The tug struggled against the gale at a speed of about four knots, when at 7.45 an S. O. S. signal was observed. The signal seen must have been the last flash before the lamp went out, as the next thing noticed was the burning of calcium flares in the water, showing that men were in the sea. These flares are set off automatically when life-belts are immersed in water. The captain thinking that he was still many miles behind the St. Genny, thought at first that a merchant vessel was sinking. The St. Cyrus, lame herself, with huge seas washing her gunwales, proceeded to the scene as quickly as possible. Her searchlight could not be brought to bear upon the figures struggling in water, but they could be seen in the light of the flare, and some of the men shouted that they were members of the crew of the St. Genny.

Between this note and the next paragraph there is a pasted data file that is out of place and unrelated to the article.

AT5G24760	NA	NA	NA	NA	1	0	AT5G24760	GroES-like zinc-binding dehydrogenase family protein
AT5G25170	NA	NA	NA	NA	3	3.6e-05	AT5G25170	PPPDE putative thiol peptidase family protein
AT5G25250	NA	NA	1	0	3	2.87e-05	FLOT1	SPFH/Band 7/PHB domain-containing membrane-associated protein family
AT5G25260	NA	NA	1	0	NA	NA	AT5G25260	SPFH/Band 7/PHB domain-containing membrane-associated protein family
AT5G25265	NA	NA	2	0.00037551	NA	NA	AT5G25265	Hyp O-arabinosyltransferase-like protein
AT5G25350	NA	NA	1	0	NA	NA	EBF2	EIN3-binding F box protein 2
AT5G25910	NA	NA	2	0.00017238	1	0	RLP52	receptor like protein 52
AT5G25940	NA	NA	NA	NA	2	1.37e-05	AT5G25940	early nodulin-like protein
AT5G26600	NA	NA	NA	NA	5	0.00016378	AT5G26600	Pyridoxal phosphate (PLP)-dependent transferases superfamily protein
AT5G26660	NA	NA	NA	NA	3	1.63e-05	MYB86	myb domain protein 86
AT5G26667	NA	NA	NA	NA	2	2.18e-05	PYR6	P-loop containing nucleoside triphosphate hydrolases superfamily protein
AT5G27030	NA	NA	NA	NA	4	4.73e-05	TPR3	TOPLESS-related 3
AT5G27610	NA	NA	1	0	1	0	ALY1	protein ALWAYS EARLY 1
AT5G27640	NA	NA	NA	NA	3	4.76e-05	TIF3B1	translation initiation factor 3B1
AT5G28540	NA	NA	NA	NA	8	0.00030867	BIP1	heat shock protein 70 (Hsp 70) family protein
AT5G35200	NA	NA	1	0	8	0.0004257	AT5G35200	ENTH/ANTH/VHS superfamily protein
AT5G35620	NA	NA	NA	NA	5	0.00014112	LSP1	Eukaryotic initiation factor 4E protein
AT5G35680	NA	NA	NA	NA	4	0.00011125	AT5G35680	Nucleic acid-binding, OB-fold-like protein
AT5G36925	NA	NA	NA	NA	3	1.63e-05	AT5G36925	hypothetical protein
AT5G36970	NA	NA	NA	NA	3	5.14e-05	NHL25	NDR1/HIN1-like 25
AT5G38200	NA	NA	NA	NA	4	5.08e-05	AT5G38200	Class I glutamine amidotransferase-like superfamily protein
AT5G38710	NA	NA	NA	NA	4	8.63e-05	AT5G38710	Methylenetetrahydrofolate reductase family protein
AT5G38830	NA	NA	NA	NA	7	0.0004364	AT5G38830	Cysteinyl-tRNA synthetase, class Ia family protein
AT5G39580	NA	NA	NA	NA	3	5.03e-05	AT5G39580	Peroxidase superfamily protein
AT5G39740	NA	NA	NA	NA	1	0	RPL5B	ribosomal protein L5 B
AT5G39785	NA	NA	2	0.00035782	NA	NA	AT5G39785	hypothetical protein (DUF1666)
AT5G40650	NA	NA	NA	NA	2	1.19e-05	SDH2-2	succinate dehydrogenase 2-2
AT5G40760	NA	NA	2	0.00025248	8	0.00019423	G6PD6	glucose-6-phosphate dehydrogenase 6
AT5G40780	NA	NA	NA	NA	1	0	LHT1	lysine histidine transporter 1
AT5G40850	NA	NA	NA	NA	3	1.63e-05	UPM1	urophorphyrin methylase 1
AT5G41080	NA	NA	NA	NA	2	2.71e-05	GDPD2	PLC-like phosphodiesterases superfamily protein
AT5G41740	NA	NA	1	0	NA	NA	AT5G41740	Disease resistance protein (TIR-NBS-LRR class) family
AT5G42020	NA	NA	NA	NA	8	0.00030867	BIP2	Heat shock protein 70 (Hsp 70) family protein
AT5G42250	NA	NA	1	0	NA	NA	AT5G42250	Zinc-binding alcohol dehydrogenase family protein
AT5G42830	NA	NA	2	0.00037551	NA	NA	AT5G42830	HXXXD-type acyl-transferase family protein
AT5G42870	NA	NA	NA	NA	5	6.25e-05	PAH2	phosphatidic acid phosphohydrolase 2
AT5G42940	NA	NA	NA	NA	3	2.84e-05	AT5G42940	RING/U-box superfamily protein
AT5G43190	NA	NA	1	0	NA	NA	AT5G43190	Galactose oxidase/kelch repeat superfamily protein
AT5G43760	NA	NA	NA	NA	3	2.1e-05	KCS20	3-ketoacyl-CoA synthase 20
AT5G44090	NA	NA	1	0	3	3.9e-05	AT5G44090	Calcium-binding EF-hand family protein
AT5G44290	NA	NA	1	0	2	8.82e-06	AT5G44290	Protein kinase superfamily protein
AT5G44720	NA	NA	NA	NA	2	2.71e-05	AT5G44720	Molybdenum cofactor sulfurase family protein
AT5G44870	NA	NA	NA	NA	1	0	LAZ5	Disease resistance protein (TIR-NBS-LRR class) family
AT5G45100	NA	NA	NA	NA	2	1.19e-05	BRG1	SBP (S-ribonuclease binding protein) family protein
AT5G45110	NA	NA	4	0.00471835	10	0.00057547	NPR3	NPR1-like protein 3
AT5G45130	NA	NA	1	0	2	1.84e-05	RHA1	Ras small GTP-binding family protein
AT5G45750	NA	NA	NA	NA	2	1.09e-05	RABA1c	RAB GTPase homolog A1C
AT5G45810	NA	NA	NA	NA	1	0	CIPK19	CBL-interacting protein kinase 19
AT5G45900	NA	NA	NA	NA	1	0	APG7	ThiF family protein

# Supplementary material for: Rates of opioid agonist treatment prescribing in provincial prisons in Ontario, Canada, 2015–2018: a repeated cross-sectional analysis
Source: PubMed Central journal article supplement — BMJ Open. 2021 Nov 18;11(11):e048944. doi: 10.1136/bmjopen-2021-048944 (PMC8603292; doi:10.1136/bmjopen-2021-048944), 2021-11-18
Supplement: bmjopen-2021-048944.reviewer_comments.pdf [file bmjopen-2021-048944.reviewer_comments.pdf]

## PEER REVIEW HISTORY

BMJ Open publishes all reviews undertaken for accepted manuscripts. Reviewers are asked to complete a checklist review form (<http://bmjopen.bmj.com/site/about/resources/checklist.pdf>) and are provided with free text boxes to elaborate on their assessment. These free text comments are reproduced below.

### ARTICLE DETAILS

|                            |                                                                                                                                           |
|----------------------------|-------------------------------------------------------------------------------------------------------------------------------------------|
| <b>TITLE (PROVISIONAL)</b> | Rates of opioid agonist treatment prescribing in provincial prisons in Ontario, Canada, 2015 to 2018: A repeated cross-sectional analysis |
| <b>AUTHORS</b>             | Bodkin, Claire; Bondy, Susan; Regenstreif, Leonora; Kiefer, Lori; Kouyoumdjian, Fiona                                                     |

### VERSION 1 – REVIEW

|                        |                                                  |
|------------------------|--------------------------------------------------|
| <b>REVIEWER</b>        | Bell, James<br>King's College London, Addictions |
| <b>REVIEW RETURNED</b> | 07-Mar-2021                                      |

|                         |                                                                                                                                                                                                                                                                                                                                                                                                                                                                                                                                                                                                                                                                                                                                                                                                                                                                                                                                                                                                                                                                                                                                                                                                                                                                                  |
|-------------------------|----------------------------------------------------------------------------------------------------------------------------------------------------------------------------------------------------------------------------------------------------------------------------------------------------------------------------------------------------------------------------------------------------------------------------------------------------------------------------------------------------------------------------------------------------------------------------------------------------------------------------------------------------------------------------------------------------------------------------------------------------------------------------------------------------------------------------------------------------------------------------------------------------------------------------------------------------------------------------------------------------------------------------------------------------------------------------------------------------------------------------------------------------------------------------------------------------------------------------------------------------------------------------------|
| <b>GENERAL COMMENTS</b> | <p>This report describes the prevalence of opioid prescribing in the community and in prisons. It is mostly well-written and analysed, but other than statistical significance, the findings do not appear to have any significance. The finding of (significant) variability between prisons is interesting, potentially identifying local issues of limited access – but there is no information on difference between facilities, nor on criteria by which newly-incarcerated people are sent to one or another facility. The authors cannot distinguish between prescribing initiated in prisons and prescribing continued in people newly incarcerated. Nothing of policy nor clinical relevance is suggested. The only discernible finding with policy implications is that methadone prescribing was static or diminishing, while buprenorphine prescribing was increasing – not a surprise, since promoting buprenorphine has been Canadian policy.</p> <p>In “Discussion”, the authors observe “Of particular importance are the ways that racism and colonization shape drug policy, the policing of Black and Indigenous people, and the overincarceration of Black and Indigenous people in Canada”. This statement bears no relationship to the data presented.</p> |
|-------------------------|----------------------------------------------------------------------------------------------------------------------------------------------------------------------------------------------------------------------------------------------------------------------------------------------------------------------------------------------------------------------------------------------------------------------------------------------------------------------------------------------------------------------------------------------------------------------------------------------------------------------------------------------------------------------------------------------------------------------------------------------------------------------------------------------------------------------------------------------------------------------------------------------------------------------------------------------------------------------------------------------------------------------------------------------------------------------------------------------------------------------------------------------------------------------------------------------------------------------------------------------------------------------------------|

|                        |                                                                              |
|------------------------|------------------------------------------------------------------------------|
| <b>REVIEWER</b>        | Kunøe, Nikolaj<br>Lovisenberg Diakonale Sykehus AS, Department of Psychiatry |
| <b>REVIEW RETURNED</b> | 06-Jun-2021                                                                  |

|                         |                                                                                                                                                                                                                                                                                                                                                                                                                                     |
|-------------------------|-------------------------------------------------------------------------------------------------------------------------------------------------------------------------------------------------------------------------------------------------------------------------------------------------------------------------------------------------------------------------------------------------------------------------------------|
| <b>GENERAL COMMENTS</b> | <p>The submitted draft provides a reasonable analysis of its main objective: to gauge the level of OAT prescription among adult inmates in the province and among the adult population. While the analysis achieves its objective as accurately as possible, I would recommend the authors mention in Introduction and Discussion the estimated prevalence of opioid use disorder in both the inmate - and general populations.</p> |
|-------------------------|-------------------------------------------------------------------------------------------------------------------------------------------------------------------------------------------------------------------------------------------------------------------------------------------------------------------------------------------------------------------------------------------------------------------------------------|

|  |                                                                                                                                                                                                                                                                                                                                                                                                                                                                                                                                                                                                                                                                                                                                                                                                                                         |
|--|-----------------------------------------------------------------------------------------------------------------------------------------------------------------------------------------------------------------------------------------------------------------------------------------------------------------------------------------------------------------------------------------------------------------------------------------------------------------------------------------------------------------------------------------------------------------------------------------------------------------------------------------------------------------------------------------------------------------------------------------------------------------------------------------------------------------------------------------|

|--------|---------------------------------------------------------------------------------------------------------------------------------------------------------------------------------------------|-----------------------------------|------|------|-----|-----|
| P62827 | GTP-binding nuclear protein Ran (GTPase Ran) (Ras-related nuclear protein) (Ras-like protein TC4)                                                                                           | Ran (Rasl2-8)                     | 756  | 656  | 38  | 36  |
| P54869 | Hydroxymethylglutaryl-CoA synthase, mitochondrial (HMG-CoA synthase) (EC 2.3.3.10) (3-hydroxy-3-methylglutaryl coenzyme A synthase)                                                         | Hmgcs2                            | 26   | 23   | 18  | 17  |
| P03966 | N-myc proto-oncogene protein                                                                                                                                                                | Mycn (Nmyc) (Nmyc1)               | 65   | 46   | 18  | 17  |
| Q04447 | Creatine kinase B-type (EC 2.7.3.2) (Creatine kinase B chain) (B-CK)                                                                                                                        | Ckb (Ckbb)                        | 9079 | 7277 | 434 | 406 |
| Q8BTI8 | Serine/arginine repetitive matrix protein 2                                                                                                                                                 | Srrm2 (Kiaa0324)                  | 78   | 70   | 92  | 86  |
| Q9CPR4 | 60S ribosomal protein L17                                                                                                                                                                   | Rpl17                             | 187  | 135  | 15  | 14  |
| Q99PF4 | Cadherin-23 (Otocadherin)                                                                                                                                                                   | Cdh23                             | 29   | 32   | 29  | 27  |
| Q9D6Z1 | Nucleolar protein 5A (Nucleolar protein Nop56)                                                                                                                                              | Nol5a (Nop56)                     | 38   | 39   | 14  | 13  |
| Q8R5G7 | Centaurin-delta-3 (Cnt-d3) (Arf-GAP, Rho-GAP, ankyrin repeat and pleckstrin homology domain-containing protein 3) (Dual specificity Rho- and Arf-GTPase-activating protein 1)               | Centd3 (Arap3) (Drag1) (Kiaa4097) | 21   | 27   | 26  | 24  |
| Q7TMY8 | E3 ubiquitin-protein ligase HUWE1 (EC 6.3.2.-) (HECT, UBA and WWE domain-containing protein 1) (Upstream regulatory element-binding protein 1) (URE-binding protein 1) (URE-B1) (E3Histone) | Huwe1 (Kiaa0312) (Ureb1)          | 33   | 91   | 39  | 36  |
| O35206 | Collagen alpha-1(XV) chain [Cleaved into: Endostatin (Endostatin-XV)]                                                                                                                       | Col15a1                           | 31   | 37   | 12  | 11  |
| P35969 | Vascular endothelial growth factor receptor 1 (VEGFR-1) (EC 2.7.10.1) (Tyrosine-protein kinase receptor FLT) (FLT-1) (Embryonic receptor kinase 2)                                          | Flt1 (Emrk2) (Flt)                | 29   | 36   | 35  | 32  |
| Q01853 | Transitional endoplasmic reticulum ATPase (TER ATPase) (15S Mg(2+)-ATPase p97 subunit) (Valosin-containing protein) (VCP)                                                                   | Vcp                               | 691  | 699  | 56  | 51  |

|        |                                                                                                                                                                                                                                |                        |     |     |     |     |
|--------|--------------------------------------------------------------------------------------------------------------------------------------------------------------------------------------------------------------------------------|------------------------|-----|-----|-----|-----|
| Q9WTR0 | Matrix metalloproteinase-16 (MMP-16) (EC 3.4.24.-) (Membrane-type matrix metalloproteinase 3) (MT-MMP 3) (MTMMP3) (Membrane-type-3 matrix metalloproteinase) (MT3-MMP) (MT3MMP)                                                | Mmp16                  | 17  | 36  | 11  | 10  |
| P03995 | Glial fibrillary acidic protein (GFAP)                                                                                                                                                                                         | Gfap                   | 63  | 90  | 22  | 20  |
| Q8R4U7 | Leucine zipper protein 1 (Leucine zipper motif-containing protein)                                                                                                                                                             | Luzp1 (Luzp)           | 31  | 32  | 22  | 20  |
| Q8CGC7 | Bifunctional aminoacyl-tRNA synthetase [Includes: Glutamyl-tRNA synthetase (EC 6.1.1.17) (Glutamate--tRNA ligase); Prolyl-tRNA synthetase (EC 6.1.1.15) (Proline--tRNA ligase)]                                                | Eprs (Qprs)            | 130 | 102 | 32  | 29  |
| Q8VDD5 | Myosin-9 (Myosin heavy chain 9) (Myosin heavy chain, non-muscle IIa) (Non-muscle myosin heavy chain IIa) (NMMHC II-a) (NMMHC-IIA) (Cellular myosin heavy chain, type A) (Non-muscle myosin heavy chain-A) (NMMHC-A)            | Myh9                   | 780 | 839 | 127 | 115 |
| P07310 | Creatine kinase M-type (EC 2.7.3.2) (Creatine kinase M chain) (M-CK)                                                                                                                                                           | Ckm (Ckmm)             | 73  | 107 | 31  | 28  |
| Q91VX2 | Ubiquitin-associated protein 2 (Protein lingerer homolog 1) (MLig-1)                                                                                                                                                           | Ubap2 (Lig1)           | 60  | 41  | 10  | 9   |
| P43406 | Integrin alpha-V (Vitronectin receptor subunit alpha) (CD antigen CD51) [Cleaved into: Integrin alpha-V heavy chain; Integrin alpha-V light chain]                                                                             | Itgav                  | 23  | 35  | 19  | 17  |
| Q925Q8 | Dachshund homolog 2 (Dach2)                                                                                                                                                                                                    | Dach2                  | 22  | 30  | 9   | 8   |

An amazing scene followed, and according to the crew only the coolness and expert seamanship of the captain made it possible to save lives with the ship almost half sinking herself. The gunwales of the tug were under water, and the crew, fighting to keep their own washboards free, began flinging lines and lifebuoys to their comrades, who were being pitched hither and thither like corks. About eight or nine members of the St. Genny's crew were all who were seen by the rescuers. The others, it is assumed, had been carried out of reach, or, as empty lifebelts betokened, given up the struggle with the intense cold and the fury of the storm. Two men were seen on the weather side of the St. Cyrus, where they could not be reached without turning the ship. The captain shouted to them "All right, we will get you in a minute," but they were never seen again. The crew of the St. Cyrus, including the officers and stewards, helped in the rescue work, standing in water reaching at times to their armpits. Mr. A. E. Harding, the Bos'n was stunned by at big wave almost as soon as he came on deck.